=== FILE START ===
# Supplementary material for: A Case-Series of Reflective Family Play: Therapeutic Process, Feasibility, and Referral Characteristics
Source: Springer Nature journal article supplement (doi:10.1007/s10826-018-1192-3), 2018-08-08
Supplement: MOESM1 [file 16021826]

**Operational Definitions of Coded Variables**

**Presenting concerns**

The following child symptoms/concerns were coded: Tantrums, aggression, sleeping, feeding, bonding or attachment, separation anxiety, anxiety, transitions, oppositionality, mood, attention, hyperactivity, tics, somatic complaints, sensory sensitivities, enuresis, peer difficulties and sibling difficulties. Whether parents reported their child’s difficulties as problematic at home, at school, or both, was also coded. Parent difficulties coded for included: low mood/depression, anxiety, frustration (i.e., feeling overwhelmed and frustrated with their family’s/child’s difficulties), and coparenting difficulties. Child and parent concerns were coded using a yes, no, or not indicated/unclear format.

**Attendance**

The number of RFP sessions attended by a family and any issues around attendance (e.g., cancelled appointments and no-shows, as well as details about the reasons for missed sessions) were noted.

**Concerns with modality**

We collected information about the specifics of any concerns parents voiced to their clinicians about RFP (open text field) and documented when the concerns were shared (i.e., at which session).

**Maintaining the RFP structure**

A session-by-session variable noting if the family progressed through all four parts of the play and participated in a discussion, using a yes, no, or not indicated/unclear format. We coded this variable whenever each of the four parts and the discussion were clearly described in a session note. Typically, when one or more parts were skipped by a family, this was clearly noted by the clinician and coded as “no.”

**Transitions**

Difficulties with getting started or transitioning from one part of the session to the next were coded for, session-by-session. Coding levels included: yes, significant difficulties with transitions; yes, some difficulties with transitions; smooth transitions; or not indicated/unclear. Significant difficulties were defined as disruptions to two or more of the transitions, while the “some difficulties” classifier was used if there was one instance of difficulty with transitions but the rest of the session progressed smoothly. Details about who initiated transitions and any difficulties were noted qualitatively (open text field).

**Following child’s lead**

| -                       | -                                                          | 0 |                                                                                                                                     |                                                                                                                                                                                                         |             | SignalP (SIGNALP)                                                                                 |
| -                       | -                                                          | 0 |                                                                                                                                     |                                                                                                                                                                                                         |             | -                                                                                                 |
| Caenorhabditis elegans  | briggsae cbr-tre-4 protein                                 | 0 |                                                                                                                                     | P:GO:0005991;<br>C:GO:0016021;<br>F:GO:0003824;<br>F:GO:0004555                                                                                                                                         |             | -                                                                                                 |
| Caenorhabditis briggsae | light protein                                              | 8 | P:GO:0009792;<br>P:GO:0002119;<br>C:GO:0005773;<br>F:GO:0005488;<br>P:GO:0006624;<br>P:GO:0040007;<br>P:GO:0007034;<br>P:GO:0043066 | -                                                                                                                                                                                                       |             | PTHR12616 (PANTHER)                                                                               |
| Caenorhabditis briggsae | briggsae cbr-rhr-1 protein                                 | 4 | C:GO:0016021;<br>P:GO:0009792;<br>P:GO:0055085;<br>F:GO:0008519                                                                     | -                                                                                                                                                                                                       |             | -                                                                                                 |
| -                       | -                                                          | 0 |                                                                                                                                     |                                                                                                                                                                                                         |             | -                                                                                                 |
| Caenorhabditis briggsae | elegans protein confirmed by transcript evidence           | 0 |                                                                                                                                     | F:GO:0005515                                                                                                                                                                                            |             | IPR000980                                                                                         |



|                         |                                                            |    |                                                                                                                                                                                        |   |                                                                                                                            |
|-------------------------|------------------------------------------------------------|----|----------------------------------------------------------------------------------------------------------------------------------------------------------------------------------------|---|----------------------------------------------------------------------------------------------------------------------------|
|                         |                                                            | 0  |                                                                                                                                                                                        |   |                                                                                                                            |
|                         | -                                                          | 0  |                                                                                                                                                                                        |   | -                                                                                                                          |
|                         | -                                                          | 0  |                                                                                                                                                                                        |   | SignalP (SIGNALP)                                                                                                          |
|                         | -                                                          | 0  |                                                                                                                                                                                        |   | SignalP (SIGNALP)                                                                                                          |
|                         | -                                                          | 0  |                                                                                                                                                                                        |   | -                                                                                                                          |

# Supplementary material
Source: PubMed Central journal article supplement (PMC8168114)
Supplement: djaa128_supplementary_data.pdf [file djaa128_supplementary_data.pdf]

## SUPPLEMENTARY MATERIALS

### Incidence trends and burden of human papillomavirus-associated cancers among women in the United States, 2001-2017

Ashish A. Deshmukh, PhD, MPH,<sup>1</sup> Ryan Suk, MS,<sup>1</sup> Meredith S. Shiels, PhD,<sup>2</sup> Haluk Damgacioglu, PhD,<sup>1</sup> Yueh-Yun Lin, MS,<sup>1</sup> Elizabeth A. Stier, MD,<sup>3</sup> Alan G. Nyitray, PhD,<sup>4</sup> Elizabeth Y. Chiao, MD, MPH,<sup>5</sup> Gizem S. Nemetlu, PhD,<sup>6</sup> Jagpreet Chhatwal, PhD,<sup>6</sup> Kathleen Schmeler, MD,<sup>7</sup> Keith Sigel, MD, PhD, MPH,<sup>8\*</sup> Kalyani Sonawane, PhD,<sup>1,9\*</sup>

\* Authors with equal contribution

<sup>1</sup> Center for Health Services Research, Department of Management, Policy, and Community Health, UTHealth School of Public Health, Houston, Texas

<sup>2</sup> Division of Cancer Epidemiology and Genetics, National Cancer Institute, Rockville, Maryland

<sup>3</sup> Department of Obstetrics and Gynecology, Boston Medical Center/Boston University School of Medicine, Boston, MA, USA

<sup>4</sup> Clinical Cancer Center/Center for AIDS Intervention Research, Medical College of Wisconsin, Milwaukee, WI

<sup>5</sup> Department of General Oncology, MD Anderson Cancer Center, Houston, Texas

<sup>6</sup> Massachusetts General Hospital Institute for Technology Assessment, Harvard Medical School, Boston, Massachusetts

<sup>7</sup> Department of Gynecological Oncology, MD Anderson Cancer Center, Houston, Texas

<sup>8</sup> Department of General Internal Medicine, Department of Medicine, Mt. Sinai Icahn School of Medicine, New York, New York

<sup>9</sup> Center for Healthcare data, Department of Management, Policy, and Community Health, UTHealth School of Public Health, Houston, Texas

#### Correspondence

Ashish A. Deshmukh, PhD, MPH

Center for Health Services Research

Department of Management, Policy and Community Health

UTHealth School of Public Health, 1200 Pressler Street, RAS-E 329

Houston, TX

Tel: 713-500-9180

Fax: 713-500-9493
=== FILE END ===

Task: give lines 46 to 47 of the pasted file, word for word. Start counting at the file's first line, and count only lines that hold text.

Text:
#### Correspondence

Ashish A. Deshmukh, PhD, MPH